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Eclipsing Binaries

Instructors and high school and college students at several schools are interested in making time-series photometric observations of eclipsing binaries as a follow up to survey programs such as Gaia, ZTF, and ASAS-AN. We have access to a number of fully robotic half-meter class telescopes, as well as several student research teams for analysis, paper writing, and presentation of results at conferences. We would like to provide dense, multi-color, time-series photometric coverage as a follow up to a number of the eclipsing binary systems discovered by surveys that, while they only have a few observations of several eclipses, at least have a rough estimate of epochs and periods.

Our plan, initially, is to make follow up observations of a few of the 21,515 ASAS-AN program’s newly discovered, detached, Algol-type binaries. See

The PlaneWave Instruments robotic telescopes we have access to utilize direct drives with high resolution encoders, and thus are capable of high speed, precision slews between targets. This allows them to provide fairly dense coverage of more than one binary undergoing an eclipse at the same time, rapidly slewing in a round-robin manner between each binary observation.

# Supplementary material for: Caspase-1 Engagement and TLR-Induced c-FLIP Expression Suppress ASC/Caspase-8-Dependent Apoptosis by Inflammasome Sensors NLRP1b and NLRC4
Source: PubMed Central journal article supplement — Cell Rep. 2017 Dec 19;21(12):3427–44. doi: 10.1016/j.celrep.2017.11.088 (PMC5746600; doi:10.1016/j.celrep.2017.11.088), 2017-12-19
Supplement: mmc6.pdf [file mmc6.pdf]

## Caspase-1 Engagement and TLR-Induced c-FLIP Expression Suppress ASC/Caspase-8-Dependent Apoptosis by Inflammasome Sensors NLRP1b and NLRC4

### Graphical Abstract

We plan, as a pilot project, to simultaneously observe multiple eclipsing binaries with a 0.6-meter PlaneWave Instruments telescope located at the El Sauce Observatory in the Chilean desert. A new scheduling plugin for NINA 3.0 will be used to direct the observations.

An example of a new ASAS-AN discovery of EA (Algol) type eclipsing binary, extracted from their online catalog (, is shown below. As can be seen the primary eclipse only has a dozen or so points, while the secondary eclipse (if indeed it is an eclipse) only has one point. The objective of our project would be to obtain primary and secondary eclipses with many more points in multiple color bands.




ASASSN-V J000026.84+393855.4 (0.11182, 39.64871)


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